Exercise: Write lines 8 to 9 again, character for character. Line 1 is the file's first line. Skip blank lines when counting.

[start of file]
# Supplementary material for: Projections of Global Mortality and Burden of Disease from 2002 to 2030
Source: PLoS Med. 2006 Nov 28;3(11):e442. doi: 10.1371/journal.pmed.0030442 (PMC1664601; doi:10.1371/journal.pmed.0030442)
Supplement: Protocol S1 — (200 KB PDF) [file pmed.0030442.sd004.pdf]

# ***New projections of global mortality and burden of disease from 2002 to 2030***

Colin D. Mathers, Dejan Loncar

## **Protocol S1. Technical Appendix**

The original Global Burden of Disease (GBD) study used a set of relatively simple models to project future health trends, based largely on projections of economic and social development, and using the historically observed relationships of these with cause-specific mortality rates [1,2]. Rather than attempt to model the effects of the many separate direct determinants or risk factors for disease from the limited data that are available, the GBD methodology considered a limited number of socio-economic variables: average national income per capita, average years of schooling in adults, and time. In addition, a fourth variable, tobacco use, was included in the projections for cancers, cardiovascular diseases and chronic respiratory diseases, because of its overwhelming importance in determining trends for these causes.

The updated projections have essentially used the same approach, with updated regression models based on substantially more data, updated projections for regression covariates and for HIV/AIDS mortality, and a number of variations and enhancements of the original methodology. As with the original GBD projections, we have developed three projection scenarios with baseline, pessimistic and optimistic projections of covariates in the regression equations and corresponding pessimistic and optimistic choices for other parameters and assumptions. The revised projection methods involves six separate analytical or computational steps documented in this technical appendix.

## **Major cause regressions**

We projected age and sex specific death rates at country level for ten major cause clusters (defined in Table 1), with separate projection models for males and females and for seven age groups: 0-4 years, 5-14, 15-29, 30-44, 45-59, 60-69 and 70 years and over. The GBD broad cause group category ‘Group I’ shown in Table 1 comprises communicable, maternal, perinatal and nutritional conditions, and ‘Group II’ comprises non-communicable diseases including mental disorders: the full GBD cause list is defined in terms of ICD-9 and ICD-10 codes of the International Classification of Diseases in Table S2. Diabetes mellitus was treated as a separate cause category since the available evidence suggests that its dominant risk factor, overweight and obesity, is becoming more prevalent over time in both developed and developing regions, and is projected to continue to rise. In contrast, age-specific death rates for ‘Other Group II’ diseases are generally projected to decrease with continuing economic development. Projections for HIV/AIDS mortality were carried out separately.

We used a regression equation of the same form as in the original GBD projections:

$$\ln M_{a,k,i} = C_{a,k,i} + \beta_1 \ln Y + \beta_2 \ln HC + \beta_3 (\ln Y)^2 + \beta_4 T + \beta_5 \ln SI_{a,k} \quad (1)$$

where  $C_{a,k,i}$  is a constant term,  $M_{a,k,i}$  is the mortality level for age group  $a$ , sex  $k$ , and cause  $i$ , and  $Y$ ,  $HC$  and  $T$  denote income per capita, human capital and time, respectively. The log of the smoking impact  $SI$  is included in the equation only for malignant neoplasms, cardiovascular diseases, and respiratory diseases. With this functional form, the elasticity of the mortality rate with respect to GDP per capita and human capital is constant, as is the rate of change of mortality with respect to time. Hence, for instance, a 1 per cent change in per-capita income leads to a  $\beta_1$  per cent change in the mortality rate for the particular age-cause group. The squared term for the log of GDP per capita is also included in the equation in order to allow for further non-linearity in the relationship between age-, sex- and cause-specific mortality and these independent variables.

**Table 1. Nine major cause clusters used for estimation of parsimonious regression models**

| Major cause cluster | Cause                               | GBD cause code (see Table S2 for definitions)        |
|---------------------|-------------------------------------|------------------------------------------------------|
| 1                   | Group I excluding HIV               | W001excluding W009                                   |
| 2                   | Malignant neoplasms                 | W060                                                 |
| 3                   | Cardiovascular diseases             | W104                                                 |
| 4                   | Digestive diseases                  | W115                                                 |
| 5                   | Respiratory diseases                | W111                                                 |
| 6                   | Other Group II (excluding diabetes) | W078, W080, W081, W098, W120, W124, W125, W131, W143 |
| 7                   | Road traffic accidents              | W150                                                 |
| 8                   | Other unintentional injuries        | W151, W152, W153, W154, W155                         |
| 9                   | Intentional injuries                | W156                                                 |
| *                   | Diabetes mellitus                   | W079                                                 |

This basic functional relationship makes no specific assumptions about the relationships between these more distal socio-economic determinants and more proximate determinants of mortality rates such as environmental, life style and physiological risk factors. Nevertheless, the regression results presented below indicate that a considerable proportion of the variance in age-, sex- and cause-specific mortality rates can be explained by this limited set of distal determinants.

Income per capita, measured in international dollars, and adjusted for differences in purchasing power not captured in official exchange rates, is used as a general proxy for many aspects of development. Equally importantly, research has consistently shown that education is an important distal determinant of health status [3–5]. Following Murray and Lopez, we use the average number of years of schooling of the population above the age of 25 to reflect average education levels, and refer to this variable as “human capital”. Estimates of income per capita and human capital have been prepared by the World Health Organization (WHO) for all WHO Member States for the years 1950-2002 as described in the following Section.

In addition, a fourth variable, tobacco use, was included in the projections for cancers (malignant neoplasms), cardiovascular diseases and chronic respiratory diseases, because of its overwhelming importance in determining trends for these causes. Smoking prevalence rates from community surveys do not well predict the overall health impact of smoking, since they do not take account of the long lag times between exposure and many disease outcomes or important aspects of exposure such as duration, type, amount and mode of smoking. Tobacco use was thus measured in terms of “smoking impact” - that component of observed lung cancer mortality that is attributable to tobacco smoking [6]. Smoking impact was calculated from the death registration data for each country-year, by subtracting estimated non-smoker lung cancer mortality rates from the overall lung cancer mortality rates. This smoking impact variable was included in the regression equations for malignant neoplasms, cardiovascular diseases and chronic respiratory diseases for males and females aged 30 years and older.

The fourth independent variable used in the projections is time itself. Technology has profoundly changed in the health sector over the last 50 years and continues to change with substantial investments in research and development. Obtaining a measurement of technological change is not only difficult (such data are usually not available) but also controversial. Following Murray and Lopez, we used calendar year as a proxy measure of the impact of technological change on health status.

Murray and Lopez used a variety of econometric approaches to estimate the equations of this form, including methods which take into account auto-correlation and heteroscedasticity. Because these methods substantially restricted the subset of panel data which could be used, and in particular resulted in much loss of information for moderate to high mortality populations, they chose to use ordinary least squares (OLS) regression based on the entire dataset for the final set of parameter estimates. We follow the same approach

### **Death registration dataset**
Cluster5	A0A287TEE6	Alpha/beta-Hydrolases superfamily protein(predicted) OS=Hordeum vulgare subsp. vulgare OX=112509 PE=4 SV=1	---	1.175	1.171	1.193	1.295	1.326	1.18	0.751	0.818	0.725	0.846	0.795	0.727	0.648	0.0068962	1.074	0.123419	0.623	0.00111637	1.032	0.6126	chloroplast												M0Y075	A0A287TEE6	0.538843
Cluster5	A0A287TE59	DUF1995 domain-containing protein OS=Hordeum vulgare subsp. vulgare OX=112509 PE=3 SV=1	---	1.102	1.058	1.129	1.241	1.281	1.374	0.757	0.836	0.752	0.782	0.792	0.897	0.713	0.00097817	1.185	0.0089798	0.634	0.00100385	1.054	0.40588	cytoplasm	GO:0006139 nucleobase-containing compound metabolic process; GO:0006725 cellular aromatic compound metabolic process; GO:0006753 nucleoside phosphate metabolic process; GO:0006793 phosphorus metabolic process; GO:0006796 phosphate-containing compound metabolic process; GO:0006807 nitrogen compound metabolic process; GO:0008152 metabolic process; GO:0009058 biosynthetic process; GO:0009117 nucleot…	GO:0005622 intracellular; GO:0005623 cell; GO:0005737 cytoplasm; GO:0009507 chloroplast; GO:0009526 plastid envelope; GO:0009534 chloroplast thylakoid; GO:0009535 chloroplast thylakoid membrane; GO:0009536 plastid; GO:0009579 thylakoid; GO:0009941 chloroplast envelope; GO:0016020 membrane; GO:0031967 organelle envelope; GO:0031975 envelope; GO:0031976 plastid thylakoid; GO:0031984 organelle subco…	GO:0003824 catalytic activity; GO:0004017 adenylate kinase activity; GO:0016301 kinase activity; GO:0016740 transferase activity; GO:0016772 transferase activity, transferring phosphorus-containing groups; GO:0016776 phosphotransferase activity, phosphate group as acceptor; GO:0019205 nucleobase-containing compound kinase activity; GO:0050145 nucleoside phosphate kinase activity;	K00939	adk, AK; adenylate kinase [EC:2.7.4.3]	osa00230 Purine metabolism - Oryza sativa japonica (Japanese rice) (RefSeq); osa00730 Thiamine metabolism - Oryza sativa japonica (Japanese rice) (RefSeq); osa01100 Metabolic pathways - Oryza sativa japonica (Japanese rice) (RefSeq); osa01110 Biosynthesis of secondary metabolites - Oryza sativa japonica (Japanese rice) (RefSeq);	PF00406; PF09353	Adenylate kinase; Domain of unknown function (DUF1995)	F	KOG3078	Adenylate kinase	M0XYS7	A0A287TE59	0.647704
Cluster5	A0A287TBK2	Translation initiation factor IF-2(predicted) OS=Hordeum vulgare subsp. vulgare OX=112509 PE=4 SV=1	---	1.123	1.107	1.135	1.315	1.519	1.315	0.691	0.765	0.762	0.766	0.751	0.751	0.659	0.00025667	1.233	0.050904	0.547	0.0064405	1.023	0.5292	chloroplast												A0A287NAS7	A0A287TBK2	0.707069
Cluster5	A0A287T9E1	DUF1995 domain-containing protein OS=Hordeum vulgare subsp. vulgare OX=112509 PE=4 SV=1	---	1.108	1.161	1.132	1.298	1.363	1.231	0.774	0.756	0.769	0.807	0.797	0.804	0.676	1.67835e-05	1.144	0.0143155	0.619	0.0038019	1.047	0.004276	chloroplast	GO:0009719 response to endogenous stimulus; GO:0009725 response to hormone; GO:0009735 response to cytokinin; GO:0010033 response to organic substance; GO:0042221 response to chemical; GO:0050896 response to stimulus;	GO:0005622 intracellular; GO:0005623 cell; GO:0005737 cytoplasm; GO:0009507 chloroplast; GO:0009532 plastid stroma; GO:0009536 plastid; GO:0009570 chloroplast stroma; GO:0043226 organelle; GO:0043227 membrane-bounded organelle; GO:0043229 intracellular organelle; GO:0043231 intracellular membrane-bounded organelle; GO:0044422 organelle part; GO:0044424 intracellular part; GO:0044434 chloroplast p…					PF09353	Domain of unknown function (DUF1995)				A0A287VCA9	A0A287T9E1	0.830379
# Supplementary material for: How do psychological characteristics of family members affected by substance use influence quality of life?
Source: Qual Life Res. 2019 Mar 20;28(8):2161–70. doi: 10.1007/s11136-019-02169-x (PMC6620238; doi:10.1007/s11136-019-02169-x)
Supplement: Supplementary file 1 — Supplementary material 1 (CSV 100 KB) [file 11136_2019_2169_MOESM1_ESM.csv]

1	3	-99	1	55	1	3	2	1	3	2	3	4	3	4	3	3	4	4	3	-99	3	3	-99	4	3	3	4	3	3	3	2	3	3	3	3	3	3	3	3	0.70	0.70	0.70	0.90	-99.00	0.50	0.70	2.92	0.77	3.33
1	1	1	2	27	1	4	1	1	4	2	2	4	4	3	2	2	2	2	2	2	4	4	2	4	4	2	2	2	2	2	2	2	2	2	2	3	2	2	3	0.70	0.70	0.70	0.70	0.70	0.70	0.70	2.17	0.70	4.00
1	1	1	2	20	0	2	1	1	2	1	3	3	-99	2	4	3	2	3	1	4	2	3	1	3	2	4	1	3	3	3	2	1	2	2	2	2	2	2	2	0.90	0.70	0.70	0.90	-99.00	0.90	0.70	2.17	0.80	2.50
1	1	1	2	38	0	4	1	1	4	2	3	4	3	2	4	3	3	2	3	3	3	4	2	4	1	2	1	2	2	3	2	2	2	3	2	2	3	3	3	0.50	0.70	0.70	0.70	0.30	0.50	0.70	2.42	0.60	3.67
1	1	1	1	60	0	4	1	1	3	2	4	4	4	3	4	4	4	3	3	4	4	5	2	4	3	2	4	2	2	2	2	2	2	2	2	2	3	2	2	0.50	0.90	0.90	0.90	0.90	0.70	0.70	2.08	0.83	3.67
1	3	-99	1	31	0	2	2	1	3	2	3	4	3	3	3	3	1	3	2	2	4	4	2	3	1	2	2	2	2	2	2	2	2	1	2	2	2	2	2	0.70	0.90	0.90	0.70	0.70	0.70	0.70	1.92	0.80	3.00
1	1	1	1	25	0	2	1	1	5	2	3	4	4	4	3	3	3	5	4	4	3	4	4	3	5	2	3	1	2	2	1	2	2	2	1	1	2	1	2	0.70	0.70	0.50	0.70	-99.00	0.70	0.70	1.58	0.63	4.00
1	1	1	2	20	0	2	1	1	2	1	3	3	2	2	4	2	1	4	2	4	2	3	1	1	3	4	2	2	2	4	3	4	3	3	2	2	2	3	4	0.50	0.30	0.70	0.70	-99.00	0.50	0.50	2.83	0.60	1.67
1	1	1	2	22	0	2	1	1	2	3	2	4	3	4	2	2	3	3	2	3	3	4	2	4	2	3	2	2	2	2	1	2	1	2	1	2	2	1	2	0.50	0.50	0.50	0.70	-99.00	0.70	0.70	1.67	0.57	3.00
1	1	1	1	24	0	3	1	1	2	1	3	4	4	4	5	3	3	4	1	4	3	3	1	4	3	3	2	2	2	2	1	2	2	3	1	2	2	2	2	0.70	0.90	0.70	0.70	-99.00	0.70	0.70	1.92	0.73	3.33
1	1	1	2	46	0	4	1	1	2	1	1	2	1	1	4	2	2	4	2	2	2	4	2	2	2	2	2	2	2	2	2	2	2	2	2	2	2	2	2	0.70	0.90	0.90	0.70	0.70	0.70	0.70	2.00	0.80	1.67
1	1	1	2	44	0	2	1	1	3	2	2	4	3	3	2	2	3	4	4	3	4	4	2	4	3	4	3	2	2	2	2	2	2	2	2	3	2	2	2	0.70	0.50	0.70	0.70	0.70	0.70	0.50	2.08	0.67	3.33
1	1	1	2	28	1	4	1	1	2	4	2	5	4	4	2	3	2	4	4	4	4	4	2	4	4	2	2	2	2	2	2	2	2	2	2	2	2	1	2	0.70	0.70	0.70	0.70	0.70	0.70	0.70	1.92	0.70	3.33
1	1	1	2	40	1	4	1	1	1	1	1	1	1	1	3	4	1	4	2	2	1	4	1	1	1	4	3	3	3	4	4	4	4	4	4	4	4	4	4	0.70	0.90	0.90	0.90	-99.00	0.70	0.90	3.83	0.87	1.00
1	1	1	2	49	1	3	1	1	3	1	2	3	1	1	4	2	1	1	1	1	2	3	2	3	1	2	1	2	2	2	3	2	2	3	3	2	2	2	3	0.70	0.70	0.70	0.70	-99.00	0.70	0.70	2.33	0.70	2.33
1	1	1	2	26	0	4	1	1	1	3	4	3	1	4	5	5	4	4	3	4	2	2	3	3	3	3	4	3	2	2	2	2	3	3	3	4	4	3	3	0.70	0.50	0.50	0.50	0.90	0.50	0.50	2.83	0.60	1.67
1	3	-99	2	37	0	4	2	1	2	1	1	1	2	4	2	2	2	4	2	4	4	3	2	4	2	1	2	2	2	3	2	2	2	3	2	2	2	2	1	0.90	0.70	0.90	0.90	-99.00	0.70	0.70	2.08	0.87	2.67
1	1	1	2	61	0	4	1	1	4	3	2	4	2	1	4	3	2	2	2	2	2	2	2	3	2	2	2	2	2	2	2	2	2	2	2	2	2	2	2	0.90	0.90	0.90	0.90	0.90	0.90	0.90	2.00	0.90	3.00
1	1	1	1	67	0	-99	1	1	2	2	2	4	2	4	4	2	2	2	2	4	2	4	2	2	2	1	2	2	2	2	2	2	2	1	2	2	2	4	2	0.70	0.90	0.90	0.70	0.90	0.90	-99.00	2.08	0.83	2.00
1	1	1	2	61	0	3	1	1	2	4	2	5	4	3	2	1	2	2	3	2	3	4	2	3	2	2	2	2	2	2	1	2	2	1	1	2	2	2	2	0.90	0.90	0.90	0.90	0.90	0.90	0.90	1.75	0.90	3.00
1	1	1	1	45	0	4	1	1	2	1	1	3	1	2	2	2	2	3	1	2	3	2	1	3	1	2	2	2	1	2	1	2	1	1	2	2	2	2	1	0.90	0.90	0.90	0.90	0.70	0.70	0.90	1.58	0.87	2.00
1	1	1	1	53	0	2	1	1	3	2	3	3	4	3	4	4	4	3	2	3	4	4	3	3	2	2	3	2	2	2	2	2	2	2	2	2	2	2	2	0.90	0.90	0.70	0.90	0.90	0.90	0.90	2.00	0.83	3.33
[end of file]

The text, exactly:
The updated projections have essentially used the same approach, with updated regression models based on substantially more data, updated projections for regression covariates and for HIV/AIDS mortality, and a number of variations and enhancements of the original methodology. As with the original GBD projections, we have developed three projection scenarios with baseline, pessimistic and optimistic projections of covariates in the regression equations and corresponding pessimistic and optimistic choices for other parameters and assumptions. The revised projection methods involves six separate analytical or computational steps documented in this technical appendix.

## **Major cause regressions**